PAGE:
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Fear, Uncertainty and Doubt

        posted by , January 31, 2013

Fear makes people do dumb things and make bad decisions.

It's possible (but unethical) to use fear to influence or to achieve negotiation results. A common negotiation tactic known as Fear, Uncertainty & Doubt (FUD) does exactly that.

It's important to recognize FUD tactics. If others can manipulate your fears you'll risk bad decisions and negotiation failures.

Definition: Fear, Uncertainty & Doubt

Fear, Uncertainty & Doubt is a dubious negotiation tactic designed to influence an opponent by their triggering fear instincts.

The Only Thing To Fear is Fear Itself

The only thing we have to fear is...fear itself — nameless, unreasoning, unjustified terror which paralyzes needed efforts to convert retreat into advance.
~ Franklin D. Roosevelt, First Inauguration Speech
When Franklin D. Roosevelt warned of the dangers of fear, he knew what he was talking about.

He took office in 1933, at the height of the Great Depression. The World was gripped in financial panic. Unemployment in the U.S. was 25%. International trade had dropped by more than 50%.

The Great Depression started on October 29, 1929 with a dramatic market drop known as Black Tuesday. The fear generated by this event is largely attributed with triggering the Great Depression.

Capital markets froze up because banks were scared to lend to each other. Businesses laid off employees in a panic. Fearful consumers stopped spending. Politicians blamed international trade for their problems and threw up trade barriers. Economic activity on every front ground to a halt.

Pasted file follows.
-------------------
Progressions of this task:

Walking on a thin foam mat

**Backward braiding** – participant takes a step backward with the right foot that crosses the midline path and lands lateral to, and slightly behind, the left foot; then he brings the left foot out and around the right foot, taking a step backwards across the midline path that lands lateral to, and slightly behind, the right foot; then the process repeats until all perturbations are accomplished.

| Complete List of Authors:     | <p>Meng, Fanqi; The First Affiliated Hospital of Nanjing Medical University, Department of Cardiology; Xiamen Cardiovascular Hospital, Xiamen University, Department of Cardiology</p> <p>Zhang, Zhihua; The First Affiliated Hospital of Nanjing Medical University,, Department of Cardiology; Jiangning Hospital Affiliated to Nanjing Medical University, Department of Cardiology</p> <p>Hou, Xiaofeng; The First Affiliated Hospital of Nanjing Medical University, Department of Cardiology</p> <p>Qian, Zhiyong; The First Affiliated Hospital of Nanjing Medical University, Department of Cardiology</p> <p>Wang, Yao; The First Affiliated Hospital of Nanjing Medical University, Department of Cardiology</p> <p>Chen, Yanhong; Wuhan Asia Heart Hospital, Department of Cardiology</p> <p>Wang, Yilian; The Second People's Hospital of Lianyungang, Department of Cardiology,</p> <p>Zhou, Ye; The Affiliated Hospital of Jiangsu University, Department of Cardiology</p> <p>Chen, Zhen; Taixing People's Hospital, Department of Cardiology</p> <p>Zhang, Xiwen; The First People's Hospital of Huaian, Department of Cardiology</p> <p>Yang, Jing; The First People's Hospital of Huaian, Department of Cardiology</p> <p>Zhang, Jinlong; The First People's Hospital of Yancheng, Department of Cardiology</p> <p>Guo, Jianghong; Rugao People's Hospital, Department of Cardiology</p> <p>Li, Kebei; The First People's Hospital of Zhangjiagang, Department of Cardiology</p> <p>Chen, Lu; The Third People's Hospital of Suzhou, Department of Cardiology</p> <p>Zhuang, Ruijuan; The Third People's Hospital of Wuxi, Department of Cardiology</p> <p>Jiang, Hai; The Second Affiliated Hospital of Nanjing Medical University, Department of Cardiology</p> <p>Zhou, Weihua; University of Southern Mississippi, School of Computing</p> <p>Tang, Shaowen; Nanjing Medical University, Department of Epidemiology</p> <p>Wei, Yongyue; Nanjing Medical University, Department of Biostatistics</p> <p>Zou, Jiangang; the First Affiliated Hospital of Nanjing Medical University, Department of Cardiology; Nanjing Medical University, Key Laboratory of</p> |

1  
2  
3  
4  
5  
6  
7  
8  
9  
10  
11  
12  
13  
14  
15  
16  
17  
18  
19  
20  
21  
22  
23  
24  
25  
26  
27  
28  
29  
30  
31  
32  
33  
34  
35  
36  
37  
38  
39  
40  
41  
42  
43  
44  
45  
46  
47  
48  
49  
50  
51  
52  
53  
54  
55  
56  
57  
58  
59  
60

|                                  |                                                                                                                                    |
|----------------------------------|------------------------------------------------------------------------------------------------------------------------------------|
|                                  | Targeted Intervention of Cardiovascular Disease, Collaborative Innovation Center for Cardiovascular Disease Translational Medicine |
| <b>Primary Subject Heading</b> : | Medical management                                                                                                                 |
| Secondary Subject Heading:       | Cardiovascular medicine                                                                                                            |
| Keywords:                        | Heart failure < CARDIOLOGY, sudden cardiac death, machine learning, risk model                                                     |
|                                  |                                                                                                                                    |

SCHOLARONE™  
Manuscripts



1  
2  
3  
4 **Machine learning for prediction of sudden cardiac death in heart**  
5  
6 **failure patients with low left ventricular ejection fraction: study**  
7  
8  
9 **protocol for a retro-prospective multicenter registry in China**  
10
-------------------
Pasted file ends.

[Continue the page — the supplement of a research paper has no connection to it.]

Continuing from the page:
That's how powerful fear can be.

Uncertainty and Doubt

Even a faint scent of fear is enough to dramatically influence negotiations and decision making.

Uncertainty and doubt is fairly easy to generate. A negotiator only needs to imply that something bad might happen to trigger it.

For example, a salesperson can suggest that a competitor might go bankrupt. The salesperson doesn't need any evidence. It doesn't need to be true. The fact that the statement sows doubt in the mind of the customer is often enough to influence that customer's decisions.

Examples of Fear, Uncertainty and Doubt Tactics

A software salesperson claims that a competitor violates patents and implies legal liability issues.

A electronics company claims that users liberating their devices is a catastrophic security threat.

A government promotes a culture of fear to drive support for its priorities.

A software salesperson implies that open source software is likely to contain viruses.

During salary negotiations, an employer implies that a bad recession is coming.

A social network implies that privacy is a security threat.

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